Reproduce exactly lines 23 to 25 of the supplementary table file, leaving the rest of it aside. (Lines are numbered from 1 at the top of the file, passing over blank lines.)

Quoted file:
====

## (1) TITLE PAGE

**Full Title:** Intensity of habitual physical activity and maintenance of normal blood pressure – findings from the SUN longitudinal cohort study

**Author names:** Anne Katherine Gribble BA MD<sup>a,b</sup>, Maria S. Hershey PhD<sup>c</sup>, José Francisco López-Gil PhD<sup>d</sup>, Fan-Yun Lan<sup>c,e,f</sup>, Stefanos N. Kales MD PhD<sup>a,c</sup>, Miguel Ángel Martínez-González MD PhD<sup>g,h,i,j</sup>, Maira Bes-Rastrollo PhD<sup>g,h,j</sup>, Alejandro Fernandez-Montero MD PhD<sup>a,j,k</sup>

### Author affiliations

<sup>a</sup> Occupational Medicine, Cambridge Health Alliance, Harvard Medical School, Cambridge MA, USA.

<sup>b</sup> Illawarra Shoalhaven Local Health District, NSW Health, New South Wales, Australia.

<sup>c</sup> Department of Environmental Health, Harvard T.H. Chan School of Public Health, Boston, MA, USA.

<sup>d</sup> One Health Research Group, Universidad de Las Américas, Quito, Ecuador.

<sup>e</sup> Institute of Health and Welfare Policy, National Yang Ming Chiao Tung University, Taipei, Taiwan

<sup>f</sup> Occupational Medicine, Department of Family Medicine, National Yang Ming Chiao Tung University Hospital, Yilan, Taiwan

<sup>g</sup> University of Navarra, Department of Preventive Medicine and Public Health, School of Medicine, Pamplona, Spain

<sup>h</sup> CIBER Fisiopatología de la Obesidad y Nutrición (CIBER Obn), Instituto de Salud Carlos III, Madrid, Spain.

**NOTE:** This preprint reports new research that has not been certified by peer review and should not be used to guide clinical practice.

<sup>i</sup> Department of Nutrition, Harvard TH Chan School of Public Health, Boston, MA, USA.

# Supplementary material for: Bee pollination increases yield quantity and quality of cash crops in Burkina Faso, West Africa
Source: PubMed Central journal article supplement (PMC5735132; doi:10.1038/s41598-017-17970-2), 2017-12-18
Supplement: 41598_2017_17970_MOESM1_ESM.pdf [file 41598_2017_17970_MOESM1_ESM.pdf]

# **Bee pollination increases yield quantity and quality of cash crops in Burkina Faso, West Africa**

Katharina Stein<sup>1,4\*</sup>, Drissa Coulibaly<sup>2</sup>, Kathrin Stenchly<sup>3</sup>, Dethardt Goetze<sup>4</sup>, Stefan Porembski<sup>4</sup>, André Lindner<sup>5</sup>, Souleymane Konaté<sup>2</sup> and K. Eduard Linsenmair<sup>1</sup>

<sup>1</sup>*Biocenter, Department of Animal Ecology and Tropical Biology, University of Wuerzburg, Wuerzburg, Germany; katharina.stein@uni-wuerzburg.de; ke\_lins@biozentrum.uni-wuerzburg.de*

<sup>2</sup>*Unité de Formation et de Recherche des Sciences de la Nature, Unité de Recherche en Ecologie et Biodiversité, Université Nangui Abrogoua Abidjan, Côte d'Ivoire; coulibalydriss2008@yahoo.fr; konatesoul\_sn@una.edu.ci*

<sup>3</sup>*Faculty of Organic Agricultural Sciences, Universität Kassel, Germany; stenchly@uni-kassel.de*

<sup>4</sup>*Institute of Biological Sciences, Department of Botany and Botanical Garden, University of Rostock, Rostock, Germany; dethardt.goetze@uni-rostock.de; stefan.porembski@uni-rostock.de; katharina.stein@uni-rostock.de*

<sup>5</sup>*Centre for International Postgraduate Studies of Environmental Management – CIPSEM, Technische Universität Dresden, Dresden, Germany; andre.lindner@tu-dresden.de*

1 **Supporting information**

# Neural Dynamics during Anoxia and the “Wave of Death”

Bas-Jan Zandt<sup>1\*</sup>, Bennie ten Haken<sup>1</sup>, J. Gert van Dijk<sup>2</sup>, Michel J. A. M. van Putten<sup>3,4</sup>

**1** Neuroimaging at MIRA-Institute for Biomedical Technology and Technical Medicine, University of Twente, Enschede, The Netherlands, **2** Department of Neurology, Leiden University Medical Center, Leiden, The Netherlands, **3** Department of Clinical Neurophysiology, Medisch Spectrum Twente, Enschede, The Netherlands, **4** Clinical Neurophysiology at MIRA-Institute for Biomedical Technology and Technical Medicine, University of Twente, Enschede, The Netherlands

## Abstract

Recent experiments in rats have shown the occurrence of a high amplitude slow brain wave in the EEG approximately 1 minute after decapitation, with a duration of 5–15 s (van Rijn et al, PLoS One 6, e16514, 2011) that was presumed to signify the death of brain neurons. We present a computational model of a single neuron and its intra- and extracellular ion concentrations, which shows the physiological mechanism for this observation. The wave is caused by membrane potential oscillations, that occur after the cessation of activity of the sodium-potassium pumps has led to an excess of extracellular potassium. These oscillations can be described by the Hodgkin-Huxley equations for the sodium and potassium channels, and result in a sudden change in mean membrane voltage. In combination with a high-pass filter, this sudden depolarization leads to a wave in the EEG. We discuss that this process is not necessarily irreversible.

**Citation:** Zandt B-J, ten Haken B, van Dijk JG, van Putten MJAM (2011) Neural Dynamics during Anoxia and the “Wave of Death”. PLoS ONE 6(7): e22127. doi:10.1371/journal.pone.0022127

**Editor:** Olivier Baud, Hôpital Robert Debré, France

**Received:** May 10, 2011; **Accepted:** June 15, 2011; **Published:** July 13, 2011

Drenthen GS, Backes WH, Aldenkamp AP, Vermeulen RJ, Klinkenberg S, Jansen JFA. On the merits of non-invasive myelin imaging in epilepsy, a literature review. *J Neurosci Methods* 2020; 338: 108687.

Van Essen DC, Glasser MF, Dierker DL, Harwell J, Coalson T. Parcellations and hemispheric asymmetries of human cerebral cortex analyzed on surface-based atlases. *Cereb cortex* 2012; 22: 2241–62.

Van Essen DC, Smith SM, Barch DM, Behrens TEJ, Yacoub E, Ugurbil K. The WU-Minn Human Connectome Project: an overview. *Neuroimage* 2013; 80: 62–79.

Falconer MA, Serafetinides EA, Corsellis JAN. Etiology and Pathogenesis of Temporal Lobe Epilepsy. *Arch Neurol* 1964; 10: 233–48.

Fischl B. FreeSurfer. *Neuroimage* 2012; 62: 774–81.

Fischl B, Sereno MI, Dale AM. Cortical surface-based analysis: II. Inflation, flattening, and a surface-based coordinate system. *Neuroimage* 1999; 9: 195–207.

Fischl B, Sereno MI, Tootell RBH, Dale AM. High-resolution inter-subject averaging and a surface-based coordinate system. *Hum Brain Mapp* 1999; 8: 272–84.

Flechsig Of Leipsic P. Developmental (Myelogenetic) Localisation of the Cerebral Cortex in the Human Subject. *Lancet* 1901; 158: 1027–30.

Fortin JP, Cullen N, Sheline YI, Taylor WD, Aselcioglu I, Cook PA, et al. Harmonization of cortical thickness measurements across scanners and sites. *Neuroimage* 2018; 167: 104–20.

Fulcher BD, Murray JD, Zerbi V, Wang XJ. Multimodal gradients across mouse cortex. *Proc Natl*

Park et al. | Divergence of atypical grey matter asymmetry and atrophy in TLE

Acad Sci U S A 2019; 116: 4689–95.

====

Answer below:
<sup>4</sup>*Institute of Biological Sciences, Department of Botany and Botanical Garden, University of Rostock, Rostock, Germany; dethardt.goetze@uni-rostock.de; stefan.porembski@uni-rostock.de; katharina.stein@uni-rostock.de*

<sup>5</sup>*Centre for International Postgraduate Studies of Environmental Management – CIPSEM, Technische Universität Dresden, Dresden, Germany; andre.lindner@tu-dresden.de*

1 **Supporting information**